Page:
FOR an event that rapidly sold out, Anthony Joshua tickets aren’t entirely unobtainable. That is in large part due to the secondary markets and re-sale websites, like StubHub and Viagogo, which have caused much consternation and debate.
There is initial and certainly understandable frustration for boxing fans who miss out on tickets. Tickets to Anthony Joshua fights are snapped up quickly and then re-appear on re-sale sites only for their prices to inflate rapidly from face value.
It causes outrage to see ticket prices become eye-wateringly expensive. On Viagogo in the weeks ahead of the fight an inner ringside VIP ticket was advertised at £88,000, an insane amount (well, also insane for anyone actually willing to part with that kind of money), or you could have scaled down to a mere £26,399 for row 10.
Those are some extreme examples. There have been plenty more tickets available at more affordable, if still expensive, prices. In the week before the fight you could get two tickets in the highest tier furthest back in the stadium for £128 each on StubHub. Given that StubHub whack on a hefty £50 service charge that’s over £300 for the two, steep mark up for tickets which have a face value of only £80 for the pair.
Is this fair? Is it, to a degree a, function of there being a limited supply and high demand? The capitalist in you might argue that something is worth whatever someone is willing to pay for it. There is always going to be huge demand for tickets to a major fight, especially a major fight featuring rising super-star Anthony Joshua. It’s rough on the average boxing fan though, who may appreciate Joshua more than most but typically wouldn’t be member of the super-rich who can slap down a small fortune for a big night out.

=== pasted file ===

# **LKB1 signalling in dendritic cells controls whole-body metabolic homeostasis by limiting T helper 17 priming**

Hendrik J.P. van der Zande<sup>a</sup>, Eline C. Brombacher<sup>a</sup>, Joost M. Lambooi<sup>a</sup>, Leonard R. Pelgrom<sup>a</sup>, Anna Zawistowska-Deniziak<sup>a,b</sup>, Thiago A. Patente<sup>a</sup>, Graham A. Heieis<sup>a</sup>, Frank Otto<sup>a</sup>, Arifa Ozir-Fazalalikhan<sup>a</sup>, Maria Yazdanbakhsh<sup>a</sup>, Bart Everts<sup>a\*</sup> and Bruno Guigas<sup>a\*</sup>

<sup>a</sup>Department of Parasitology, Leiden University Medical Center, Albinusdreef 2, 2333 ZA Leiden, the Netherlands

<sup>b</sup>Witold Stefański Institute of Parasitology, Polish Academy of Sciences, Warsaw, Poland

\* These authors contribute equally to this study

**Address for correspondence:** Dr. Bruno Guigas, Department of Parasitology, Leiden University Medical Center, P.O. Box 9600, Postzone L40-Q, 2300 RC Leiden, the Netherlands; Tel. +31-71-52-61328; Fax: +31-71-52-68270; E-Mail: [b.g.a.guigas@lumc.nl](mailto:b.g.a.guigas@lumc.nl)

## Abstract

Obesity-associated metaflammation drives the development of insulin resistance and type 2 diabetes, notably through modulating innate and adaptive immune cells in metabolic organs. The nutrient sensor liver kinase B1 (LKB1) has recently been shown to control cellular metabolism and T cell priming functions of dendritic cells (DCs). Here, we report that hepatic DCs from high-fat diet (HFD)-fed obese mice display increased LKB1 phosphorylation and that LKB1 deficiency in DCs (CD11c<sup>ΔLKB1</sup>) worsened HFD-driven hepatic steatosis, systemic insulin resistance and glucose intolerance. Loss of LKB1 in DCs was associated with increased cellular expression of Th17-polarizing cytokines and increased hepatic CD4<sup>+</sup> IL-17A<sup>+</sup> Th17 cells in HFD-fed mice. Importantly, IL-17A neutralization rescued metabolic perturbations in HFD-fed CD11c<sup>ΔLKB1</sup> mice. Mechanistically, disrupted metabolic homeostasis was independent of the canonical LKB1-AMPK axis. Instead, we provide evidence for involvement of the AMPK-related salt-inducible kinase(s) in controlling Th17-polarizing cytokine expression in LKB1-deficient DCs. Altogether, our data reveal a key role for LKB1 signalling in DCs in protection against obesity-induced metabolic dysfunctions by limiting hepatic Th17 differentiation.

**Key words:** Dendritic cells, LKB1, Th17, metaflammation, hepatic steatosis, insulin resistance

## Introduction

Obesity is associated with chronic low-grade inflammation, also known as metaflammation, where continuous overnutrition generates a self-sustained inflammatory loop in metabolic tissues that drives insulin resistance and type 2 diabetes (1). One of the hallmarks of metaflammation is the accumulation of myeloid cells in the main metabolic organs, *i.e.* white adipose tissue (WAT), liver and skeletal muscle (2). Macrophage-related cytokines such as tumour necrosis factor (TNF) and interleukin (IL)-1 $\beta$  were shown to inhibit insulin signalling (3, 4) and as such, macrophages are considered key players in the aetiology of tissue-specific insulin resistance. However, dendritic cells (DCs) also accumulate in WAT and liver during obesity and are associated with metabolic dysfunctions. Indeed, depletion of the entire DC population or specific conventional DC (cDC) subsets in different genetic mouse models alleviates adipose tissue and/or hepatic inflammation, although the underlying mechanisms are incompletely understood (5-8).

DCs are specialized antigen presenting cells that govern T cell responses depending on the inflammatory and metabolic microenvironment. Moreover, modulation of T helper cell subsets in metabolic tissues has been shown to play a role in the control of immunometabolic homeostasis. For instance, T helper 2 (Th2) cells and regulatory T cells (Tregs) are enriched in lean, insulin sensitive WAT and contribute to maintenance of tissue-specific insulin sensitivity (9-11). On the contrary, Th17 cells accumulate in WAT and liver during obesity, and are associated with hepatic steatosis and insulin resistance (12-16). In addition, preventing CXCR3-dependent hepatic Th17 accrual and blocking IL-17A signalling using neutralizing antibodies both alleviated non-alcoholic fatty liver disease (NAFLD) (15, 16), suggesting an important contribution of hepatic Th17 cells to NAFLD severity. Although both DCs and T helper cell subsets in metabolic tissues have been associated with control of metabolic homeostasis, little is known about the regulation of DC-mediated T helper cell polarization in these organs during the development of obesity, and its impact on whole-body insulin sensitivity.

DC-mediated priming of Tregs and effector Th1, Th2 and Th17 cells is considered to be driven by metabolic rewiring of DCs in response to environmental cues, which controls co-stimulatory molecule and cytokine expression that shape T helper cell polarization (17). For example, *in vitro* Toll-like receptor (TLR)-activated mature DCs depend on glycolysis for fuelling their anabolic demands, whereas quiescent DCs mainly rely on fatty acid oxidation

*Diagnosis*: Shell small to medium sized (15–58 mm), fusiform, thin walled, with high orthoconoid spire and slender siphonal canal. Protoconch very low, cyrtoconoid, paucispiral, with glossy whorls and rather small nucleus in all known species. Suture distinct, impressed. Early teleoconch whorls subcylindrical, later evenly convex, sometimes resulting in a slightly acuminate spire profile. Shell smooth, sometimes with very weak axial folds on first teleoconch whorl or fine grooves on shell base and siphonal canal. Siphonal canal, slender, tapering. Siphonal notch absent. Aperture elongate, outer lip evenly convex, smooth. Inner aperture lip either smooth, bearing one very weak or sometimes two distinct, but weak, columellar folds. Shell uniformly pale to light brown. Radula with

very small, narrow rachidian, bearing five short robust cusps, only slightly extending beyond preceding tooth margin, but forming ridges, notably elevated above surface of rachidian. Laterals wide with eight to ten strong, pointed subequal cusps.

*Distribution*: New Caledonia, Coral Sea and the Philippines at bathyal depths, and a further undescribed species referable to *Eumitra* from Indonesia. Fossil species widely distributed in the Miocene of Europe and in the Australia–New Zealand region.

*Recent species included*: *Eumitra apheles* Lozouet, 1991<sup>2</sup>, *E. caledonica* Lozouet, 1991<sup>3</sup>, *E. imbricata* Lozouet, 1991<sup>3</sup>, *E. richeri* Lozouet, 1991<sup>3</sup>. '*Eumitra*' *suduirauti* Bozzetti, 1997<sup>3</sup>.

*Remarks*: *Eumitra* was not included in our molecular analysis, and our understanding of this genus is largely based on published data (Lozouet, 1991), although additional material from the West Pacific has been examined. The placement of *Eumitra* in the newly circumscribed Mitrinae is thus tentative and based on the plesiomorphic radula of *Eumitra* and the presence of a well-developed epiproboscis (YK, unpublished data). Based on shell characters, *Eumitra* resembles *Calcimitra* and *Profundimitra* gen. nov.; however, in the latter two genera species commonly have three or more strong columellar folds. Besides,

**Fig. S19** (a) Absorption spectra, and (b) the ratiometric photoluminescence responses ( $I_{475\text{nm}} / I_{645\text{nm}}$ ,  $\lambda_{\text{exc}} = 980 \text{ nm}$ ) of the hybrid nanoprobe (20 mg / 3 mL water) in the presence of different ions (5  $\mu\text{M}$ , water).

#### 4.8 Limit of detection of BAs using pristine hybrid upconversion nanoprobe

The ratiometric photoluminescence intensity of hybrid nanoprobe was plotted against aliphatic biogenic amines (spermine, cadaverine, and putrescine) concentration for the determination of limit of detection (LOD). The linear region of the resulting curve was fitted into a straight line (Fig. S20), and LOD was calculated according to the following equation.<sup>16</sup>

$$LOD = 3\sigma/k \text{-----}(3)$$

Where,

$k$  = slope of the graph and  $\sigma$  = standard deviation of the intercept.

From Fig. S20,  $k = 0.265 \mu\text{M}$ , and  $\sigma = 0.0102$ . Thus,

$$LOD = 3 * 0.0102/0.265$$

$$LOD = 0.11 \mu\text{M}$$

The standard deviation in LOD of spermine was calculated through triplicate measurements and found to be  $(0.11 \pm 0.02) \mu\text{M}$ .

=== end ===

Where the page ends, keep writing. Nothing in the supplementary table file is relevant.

Should it be allowed? It feels like a rip-off but it’s not illegal, although at a policy level laws could be changed to forbid it. Or the market participants, the promoter or the fighter could decline to be associated with the likes StubHub. The well-publicised link-up between promoters Matchroom and “official ticket partner” StubHub causes much consternation.
Matchroom boss, Eddie Hearn counters, as he has previously told Boxing News, “StubHub are effectively a ticket box office for us – like Ticketmaster, like Eventim. StubHub also have a secondary ticket arm, where the public only can resell a ticket if they don’t want to go or whatever. Our deal is only on the box office side, so we will give them around five to 10 per cent of tickets to sell at face value only, and they are marked ‘promoter tickets’. Now, the secondary market is where you might go, because you’ve bought a face value ticket at 100 quid, and you can’t go. You might decide to put it back on sale at face value, or you might chance your luck and stick it on for five grand. That is the mentality of some people and that’s not right. It happens for every major event, whether it’s boxing, whether it’s Beyoncé, whether it’s basketball. The resale market is huge, and it’s not illegal. We do not resell tickets above face value – ever. We will never do so.”
He continued, “We do not resell tickets and we will never, ever do that. It makes me sick when I see a secondary market because I think as a greedy promoter, ‘maybe I should have just put the cost of the tickets up myself’. To be honest, I could have doubled the ticket prices for Brook-Golovkin and we would have still sold out, and then maybe there wouldn’t be such a strong secondary market. We use StubHub to sell our tickets at face value only, and they are very important to us at selling those face value tickets. Whether the government will look at reselling tickets, I don’t know. I can understand fans saying ‘Why are you involved with someone who has a division that resells tickets?’ But all I can say is that we have absolutely nothing to do with that side of it.”
If a secondary market like this wasn’t legal, presumably tickets would just be touted as they always have been and still are. Maybe StubHub is making touts of us all. The advantage it has to a consumer is they do guarantee the tickets bought. That is reassuring at least, although given the pretty penny StubHub charges they can certainly afford to back up those purchases.
It is deeply frustrating for boxing fans to find themselves priced out of the biggest and best fights, but a site like StubHub does make it possible for a supporter, who wouldn’t normally dream of going to a tout, actually get themselves a ticket. They’ll just have to be prepared to part with their cold hard cash.